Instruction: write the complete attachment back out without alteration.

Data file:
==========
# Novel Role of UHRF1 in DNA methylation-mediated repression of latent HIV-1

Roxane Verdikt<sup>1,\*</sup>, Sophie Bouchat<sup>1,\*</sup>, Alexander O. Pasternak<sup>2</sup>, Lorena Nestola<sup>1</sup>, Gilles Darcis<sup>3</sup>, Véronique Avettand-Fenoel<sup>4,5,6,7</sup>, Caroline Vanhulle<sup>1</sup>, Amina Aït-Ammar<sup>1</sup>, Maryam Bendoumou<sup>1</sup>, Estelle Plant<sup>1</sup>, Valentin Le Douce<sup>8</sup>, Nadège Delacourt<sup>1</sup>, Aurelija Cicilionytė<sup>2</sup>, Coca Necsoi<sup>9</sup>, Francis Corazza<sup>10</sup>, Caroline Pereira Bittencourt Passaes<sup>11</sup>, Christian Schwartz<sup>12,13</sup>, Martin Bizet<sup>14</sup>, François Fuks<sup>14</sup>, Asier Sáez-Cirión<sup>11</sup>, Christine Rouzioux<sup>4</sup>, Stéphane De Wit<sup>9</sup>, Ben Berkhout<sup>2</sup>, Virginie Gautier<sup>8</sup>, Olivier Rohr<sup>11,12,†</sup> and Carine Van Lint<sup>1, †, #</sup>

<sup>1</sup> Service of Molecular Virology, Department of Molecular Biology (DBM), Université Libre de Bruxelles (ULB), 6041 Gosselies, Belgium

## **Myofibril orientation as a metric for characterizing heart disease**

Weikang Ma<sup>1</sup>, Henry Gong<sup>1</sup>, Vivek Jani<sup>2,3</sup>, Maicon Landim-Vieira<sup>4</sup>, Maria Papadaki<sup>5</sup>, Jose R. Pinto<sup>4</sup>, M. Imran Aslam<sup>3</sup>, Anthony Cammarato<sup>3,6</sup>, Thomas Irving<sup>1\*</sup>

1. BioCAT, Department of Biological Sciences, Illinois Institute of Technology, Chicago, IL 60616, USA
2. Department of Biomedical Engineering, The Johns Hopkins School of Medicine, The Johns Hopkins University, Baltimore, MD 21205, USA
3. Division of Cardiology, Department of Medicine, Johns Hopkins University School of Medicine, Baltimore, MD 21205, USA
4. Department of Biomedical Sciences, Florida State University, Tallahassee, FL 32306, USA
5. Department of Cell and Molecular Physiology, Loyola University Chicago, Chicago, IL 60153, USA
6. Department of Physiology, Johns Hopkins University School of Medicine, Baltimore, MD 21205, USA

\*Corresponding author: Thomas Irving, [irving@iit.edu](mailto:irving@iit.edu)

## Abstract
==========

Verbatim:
# Novel Role of UHRF1 in DNA methylation-mediated repression of latent HIV-1

Roxane Verdikt<sup>1,\*</sup>, Sophie Bouchat<sup>1,\*</sup>, Alexander O. Pasternak<sup>2</sup>, Lorena Nestola<sup>1</sup>, Gilles Darcis<sup>3</sup>, Véronique Avettand-Fenoel<sup>4,5,6,7</sup>, Caroline Vanhulle<sup>1</sup>, Amina Aït-Ammar<sup>1</sup>, Maryam Bendoumou<sup>1</sup>, Estelle Plant<sup>1</sup>, Valentin Le Douce<sup>8</sup>, Nadège Delacourt<sup>1</sup>, Aurelija Cicilionytė<sup>2</sup>, Coca Necsoi<sup>9</sup>, Francis Corazza<sup>10</sup>, Caroline Pereira Bittencourt Passaes<sup>11</sup>, Christian Schwartz<sup>12,13</sup>, Martin Bizet<sup>14</sup>, François Fuks<sup>14</sup>, Asier Sáez-Cirión<sup>11</sup>, Christine Rouzioux<sup>4</sup>, Stéphane De Wit<sup>9</sup>, Ben Berkhout<sup>2</sup>, Virginie Gautier<sup>8</sup>, Olivier Rohr<sup>11,12,†</sup> and Carine Van Lint<sup>1, †, #</sup>

<sup>1</sup> Service of Molecular Virology, Department of Molecular Biology (DBM), Université Libre de Bruxelles (ULB), 6041 Gosselies, Belgium

## **Myofibril orientation as a metric for characterizing heart disease**

Weikang Ma<sup>1</sup>, Henry Gong<sup>1</sup>, Vivek Jani<sup>2,3</sup>, Maicon Landim-Vieira<sup>4</sup>, Maria Papadaki<sup>5</sup>, Jose R. Pinto<sup>4</sup>, M. Imran Aslam<sup>3</sup>, Anthony Cammarato<sup>3,6</sup>, Thomas Irving<sup>1\*</sup>

1. BioCAT, Department of Biological Sciences, Illinois Institute of Technology, Chicago, IL 60616, USA
2. Department of Biomedical Engineering, The Johns Hopkins School of Medicine, The Johns Hopkins University, Baltimore, MD 21205, USA
3. Division of Cardiology, Department of Medicine, Johns Hopkins University School of Medicine, Baltimore, MD 21205, USA
4. Department of Biomedical Sciences, Florida State University, Tallahassee, FL 32306, USA
5. Department of Cell and Molecular Physiology, Loyola University Chicago, Chicago, IL 60153, USA
6. Department of Physiology, Johns Hopkins University School of Medicine, Baltimore, MD 21205, USA

\*Corresponding author: Thomas Irving, [irving@iit.edu](mailto:irving@iit.edu)

## Abstract